Once folks understand that MBM is a management philosophy, most people wonder why MBM organizations bother to put so much energy and effort into a philosophy. Below are some common questions on the topic.
What is a management philosophy?
A management philosophy is a set of values, beliefs, opinions, and mental models that direct how a business should be managed. Usually philosophies have to do with the people side of business. For instance, a common business philosophy may include ideas about how to hire people. Whole Foods is famous for having a team approach to hiring. Whole Foods management philosophy includes strong beliefs about teams and empowerment through group decision making. Google is famous for giving employees time to work on their self-directed projects. This practice is rooted in a belief that autonomy breeds innovation. These practices are part of their management philosophies (even if they don’t call it that).
Why dedicate resources to a management philosophy?
The reality is all leaders who are making decisions for businesses have management philosophies, even if they don’t realize it. What happens in the minds of leaders is important, as their values, beliefs, opinions and mental models will determine how they behave.
Some companies go through the trouble of articulating their management philosophies. The upside is that employees (and candidates for jobs) can decide if they like the philosophy. This can lead to a couple of good outcomes:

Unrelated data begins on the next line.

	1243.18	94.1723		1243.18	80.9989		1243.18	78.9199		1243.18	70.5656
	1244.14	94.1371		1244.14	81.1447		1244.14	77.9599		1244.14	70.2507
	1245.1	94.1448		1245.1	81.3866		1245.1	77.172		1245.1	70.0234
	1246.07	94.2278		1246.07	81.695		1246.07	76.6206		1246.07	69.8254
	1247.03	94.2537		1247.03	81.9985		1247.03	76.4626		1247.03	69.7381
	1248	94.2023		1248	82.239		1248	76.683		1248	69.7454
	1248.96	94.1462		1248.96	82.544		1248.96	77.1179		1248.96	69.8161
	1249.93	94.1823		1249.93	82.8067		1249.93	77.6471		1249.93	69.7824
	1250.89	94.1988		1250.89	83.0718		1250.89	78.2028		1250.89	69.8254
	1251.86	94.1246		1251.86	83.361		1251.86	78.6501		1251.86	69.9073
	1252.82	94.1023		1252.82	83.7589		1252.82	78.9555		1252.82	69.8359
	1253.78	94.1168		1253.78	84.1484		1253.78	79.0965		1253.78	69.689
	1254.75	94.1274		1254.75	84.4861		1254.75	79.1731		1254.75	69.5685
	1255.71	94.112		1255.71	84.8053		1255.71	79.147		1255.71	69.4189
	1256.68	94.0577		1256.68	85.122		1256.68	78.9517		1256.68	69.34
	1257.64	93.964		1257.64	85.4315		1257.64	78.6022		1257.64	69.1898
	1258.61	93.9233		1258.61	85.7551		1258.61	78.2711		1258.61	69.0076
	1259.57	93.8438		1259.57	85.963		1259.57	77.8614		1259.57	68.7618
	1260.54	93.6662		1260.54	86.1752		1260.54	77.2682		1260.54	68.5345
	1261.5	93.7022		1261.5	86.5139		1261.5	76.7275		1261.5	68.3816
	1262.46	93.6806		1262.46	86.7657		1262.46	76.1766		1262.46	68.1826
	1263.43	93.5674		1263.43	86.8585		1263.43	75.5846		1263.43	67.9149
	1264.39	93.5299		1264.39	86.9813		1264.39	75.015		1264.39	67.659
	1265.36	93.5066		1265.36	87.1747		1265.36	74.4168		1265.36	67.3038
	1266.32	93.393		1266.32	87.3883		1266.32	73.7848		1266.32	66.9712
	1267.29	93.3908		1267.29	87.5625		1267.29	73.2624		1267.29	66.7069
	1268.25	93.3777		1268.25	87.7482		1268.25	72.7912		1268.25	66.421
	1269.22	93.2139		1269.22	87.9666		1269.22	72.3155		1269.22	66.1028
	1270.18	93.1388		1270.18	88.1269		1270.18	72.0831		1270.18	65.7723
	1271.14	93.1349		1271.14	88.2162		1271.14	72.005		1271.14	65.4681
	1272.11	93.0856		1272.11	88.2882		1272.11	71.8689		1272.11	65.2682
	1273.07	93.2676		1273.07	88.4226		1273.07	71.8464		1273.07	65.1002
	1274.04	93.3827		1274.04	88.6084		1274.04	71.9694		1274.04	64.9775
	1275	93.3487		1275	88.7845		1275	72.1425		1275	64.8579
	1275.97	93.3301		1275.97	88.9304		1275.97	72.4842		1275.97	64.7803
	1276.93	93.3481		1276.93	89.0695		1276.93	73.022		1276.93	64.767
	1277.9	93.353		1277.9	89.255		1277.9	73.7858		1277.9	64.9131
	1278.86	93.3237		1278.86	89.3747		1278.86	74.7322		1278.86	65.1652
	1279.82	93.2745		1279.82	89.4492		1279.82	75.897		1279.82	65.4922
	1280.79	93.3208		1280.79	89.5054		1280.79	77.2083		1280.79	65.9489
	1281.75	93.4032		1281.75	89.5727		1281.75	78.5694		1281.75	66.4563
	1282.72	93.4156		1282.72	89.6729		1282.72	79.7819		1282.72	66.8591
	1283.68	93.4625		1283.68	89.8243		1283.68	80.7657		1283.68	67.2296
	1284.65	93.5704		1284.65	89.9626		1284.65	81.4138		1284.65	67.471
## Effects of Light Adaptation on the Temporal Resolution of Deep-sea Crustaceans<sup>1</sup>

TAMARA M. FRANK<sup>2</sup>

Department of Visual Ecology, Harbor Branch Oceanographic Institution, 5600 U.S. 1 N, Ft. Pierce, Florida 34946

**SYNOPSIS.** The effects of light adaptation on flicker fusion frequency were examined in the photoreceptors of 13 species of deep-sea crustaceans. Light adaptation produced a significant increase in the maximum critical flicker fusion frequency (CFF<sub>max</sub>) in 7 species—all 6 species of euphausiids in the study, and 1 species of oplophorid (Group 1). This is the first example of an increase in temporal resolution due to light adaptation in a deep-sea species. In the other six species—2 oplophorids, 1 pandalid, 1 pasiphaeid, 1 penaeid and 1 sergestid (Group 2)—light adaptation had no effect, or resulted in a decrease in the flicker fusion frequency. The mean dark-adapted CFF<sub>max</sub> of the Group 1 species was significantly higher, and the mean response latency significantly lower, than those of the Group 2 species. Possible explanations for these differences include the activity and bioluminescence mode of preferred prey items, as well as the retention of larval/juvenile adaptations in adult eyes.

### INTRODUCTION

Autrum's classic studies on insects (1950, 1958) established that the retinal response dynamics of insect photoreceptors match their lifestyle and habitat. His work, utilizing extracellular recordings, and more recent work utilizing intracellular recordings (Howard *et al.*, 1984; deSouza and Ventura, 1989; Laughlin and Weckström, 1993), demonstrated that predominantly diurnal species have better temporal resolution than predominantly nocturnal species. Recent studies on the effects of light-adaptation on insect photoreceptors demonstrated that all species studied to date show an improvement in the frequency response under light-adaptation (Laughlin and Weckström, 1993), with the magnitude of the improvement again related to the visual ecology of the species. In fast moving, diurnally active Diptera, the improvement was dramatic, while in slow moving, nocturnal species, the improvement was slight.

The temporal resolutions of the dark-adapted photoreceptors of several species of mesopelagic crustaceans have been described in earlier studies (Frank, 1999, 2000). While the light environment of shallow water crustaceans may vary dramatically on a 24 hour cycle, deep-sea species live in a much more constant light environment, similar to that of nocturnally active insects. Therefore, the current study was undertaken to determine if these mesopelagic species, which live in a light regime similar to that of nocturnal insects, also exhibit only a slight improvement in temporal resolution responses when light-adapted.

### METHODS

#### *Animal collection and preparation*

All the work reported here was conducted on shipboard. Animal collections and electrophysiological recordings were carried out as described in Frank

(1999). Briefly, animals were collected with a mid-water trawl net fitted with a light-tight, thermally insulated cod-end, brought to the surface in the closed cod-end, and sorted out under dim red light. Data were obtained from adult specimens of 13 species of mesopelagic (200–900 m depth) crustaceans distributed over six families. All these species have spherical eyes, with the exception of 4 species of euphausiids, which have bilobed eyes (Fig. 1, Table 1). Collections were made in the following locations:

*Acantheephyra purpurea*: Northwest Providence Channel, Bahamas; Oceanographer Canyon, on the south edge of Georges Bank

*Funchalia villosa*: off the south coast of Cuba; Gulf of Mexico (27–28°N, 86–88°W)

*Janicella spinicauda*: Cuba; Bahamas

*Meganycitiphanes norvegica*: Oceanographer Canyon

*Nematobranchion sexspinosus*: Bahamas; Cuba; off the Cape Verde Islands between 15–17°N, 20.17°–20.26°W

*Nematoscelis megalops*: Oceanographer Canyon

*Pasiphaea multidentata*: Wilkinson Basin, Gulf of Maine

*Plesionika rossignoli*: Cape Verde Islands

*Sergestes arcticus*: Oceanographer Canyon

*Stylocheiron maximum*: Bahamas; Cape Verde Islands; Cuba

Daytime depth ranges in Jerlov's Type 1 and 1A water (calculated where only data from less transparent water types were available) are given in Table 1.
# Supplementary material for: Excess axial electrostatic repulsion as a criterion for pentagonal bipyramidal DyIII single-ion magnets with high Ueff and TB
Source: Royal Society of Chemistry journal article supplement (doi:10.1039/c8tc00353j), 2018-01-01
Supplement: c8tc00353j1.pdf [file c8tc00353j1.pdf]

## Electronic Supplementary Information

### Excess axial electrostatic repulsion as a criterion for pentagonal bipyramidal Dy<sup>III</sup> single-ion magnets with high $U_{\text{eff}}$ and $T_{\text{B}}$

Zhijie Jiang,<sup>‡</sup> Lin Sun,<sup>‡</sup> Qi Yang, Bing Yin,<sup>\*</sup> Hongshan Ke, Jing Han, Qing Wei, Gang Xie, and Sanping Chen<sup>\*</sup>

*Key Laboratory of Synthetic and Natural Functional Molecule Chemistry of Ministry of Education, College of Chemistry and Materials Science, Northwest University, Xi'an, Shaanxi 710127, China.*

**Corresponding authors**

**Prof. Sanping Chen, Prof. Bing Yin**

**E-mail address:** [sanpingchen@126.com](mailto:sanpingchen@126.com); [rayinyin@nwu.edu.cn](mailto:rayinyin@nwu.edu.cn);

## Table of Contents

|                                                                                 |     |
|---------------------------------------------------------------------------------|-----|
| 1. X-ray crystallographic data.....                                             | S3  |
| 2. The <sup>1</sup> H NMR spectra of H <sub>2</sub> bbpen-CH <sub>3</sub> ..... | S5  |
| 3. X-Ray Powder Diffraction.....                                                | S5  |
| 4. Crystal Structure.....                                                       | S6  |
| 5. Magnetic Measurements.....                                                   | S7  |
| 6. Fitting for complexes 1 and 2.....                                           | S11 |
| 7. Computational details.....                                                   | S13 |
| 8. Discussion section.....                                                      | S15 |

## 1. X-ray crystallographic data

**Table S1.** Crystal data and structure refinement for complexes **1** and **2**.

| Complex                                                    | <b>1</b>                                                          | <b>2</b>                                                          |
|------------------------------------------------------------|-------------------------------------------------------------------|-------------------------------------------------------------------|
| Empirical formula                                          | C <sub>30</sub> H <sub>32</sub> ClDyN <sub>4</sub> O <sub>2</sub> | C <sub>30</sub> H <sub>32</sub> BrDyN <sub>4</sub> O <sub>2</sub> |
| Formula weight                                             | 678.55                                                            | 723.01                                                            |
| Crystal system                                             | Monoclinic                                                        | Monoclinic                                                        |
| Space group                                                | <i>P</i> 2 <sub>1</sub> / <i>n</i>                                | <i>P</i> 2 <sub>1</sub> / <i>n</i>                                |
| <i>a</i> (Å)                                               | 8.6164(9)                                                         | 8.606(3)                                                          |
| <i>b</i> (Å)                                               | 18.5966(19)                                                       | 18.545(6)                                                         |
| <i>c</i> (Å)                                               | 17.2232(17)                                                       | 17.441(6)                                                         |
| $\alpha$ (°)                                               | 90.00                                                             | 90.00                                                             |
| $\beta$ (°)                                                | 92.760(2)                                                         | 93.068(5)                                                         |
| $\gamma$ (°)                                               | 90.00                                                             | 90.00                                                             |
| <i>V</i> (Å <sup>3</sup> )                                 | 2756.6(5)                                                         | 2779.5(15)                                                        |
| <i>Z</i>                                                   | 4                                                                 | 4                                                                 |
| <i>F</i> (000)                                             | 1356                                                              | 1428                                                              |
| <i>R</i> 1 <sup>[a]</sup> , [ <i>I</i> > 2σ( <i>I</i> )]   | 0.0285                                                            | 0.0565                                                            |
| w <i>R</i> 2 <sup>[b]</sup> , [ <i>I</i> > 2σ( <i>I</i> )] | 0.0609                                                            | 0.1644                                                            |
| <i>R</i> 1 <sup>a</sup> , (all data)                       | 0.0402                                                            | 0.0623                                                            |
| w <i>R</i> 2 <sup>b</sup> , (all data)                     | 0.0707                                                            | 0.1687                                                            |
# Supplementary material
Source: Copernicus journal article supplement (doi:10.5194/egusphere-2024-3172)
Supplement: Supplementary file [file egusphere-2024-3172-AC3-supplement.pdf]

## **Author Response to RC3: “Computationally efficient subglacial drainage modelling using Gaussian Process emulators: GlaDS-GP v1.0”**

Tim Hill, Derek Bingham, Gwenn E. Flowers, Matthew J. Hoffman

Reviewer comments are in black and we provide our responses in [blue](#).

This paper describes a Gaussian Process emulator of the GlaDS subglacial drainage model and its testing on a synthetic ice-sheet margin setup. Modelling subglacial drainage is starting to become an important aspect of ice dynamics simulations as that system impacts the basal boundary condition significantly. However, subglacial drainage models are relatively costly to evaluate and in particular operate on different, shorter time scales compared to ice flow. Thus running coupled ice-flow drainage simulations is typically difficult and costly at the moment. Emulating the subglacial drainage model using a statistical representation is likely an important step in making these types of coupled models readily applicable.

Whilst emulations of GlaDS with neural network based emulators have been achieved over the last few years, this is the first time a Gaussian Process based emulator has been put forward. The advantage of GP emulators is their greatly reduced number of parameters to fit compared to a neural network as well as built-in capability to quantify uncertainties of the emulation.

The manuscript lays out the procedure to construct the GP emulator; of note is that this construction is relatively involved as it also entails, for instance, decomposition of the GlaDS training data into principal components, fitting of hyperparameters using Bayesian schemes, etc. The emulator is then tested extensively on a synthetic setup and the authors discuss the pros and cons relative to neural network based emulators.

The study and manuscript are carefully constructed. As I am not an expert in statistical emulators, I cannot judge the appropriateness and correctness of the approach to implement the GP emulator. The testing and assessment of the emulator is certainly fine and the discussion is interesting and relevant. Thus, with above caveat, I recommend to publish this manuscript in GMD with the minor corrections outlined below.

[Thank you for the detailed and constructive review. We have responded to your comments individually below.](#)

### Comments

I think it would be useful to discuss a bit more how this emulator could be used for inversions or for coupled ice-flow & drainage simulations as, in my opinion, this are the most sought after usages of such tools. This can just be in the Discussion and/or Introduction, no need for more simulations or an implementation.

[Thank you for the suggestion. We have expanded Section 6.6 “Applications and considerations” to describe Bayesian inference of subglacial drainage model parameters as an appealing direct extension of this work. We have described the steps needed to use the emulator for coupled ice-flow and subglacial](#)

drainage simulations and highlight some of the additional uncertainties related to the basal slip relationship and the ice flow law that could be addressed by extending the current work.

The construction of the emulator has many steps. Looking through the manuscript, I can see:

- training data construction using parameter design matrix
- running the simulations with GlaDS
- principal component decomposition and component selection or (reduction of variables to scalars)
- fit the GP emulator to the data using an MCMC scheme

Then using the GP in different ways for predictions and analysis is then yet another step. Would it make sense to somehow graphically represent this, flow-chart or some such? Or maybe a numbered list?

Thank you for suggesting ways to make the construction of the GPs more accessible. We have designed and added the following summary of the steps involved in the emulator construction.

- Employees and perspective employees can choose if they want to work for that type of company.
- Customers and business partners can decide if they want to do business (or boycott) because the approach to business is clear.
- Employees are more likely to adopt the behaviors necessary to uphold the philosophy because they understand the values and beliefs and opt in. So, when they make decisions on behalf of the company are more likely to faithfully represent the owners.
- Employees can bring their ideas, ask questions, and find better ways of managing.
The downside is that it is difficult to articulate a philosophy, remain open to changing the philosophy as it makes sense, and hold employees accountable for acting accordingly when they make decisions on behalf of the business.
Why did MBM take so long to evolve?
Like many management philosophies, MBM started with some deeply rooted beliefs. The earliest copy of the Guiding Principles was produced in the early 1980s – though many who have been around since before that will tell you there were mental models being used long before that. It wasn’t until the mid-1980s that there was a group of people dedicated to articulating, teaching, and developing MBM. In the 1990s, MBM got its name. If I had time and energy, I could probably develop a timeline of what mental models and tools were added when.
Part of the reason MBM took so long to evolve into what it is today is just that: it wasn’t designed, it evolved. For those of you who have studied spontaneous order or the rules of just conduct, you know that systems that are grown organically often take a long time to emerge and can be difficult to describe. Once they have evolved to a certain point, ensuring they continue to evolve and grow can be tough.
If you’re interested, spend some time searching the internet you will see many companies have written down some of their management philosophies. It’s not just MBM organizations that have discovered the benefits of articulating a management philosophy. What other questions do you have about the history of MBM or about management philosophies?